The right hand side of the attack saw me deploy an inside forward. Mane would look to drift into central areas whenever the attack was progressing so to free up the right for my full-back. At least that’s how it would work in theory.
The midfield took some time to settle on. The deep lying playmaker is used as a replacement for the real life link player. I wanted a player there who could not just keep play moving but who could also play incisive passes forward. He would line up ahead of the ball winning midfielder, a role Henderson plays for Liverpool now. He’s there to basically protect the centre-backs and cover for the full-backs when they are supporting the attack.
I’d love to be able to give a detailed explanation with regards to the specifics for the defence but it was very much a ‘throw enough mud at the wall and eventually something will stick’ process. Oddly enough, wing-backs just didn’t work as well as full-backs. I tried many variations but the one listed was the most resilient. It will, of course, depend on the players you’re using.
I tested out using a sweeper ‘keeper and he got lobbed in successive matches so that was swiftly binned.
As you can see with the instructions I tried to replicate a pressing game of sorts. The slightly higher line meant my players were in advanced positions and preventing the short goalkeeper distribution meant I had players in attacking areas of the pitch for when the ball was turned over. I didn’t want to waste possession but I didn’t want to be too regimented so I allowed them to be more expressive and roam from positions.
It was about trying to get the right balance of organised chaos.
The Liverpool attack in action
In the first picture the attack, circled in red, are looking to stop the opposition from playing out from the back. The midfield are well in the opposition’s half looking to engage as the second phase of the press if they are able to play the ball past the attack. It’s not flawless but Klopp’s isn’t either and as you can see I’ve got them hunting in a pack and making it really difficult to start their attacks from deep areas.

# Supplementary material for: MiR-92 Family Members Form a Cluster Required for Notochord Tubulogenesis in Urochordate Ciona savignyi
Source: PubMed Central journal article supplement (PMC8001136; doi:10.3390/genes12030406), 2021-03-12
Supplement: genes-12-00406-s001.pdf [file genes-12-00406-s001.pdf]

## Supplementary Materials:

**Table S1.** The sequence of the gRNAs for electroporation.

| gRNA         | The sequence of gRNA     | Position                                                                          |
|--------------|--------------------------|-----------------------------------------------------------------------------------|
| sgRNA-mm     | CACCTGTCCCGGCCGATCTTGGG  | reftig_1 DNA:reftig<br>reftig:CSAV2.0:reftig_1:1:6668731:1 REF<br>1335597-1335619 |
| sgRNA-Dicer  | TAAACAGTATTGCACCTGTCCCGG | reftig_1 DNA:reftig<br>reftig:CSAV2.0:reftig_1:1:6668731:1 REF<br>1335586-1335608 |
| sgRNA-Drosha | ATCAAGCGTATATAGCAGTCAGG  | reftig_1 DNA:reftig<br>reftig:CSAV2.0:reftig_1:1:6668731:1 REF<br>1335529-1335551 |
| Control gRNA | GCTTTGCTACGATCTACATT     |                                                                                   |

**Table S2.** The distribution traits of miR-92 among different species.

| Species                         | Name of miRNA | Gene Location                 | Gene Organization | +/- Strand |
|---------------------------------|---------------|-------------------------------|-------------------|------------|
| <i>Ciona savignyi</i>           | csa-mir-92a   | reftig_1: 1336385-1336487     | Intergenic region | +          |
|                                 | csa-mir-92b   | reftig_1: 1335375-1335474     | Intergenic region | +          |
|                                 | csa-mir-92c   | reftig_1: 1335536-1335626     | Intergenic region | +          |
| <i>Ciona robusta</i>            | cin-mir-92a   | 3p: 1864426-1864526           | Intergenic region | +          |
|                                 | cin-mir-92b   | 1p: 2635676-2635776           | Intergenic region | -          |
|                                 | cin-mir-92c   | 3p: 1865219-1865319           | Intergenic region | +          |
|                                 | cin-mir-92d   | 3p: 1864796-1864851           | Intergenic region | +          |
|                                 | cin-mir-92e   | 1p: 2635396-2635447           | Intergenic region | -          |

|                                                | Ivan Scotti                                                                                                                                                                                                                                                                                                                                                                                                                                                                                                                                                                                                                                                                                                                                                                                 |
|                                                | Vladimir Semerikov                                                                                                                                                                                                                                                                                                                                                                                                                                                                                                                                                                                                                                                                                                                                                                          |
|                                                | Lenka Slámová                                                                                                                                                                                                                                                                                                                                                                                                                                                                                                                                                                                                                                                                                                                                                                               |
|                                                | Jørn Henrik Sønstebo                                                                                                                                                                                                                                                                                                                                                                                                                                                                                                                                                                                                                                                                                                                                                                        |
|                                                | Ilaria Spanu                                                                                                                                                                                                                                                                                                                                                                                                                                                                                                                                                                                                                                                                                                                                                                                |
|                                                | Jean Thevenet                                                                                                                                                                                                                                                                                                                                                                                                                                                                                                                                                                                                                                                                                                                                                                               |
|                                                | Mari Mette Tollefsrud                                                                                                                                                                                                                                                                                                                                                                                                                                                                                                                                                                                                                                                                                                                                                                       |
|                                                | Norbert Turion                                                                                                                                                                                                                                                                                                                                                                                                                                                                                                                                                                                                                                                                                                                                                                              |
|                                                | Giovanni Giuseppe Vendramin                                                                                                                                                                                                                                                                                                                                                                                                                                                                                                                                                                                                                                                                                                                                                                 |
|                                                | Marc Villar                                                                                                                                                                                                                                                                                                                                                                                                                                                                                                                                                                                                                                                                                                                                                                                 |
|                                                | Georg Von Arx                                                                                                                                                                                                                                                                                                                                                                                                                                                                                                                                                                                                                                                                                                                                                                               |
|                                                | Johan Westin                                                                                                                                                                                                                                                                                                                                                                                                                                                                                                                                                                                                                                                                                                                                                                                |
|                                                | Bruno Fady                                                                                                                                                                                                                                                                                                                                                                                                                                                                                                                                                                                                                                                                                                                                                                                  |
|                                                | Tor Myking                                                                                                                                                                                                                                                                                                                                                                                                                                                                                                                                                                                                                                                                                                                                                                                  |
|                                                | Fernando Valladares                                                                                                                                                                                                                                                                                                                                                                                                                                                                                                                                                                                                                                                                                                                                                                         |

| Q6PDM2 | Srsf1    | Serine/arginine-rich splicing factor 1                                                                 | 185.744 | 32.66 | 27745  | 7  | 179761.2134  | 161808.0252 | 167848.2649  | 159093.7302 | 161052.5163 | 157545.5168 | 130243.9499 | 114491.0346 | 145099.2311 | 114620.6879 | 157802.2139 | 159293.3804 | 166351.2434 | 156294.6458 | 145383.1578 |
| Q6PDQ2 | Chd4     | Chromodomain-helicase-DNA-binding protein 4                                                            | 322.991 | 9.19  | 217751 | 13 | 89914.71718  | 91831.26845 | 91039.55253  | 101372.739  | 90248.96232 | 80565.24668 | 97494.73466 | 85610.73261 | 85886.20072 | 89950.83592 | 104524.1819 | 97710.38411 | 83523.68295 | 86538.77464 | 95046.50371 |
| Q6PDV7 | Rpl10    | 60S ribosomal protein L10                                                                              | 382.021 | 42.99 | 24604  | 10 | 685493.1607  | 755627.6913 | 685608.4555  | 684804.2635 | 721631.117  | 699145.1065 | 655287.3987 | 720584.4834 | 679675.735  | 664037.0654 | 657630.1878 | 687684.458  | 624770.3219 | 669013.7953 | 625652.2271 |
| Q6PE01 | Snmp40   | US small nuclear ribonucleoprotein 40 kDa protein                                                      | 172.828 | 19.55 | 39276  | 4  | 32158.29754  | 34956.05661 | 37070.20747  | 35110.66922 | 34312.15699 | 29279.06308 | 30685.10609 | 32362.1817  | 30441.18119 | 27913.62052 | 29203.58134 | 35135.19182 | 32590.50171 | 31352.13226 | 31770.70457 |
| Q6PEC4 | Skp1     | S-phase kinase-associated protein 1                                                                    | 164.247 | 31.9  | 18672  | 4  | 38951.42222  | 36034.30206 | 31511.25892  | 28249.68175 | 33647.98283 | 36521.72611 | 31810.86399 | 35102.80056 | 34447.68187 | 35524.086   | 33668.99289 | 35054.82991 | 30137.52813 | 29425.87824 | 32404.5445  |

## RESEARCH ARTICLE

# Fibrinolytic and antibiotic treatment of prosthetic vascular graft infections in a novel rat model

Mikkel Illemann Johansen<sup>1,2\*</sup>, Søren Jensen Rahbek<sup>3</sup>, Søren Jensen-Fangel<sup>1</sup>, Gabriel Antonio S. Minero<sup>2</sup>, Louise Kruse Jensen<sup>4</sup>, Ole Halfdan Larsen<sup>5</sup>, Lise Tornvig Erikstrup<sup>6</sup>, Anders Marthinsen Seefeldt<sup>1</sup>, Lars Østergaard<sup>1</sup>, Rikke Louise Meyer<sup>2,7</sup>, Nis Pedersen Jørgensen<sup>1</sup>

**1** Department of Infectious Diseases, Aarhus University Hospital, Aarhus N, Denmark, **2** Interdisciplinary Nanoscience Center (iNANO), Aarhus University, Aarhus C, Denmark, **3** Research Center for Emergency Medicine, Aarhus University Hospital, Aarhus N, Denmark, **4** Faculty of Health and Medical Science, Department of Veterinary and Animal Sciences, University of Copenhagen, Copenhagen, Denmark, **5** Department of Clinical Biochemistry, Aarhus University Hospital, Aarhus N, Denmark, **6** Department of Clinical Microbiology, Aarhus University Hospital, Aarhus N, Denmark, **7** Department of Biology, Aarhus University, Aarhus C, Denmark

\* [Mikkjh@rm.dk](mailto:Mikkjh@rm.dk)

The next picture shows the Liverpool attack after regaining possession. The wide players have quickly drifted centrally and It’s almost like a narrow diamond. The purpose of this is to make passing triangles in an attempt to play it around the now narrow backline. It creates a lot of space in the wide areas for the full-backs to attack.
It often resulted in the above scenario. I’d have possession in central areas, the attack would be narrow (the front three are joined by the red line) and there would be plenty of space to attack for the advanced full-backs (circled in red).
The ball would worked into the channels behind the opposition’s full-backs and one of the four players arriving into the penalty area would be able to finish off a well worked team move after the ball is cut back.
It’s simple yet effective.
The Liverpool defence
The shape of the team is clear in the picture above. The attacking players drop back but stay wide so to stretch the opposition when the ball is back in our possession. The ball winning midfielder is sitting in front of the defence with the attacking midfielder in a withdrawn role to make it look almost like a 1-2 midfield, exactly how the Reds play now.
The positions the player’s took up meant they had passing triangles throughout and were often able to play their way out of trouble and quickly turn defence into attack. Sounds familiar doesn’t it?
Squint at the pictures and you could easily mistake them for actual game footage from a Liverpool match. That’s how eerily similar the tactic is to Jurgen Klopp’s in real life. Give it a go and if you have any questions then feel free to ask.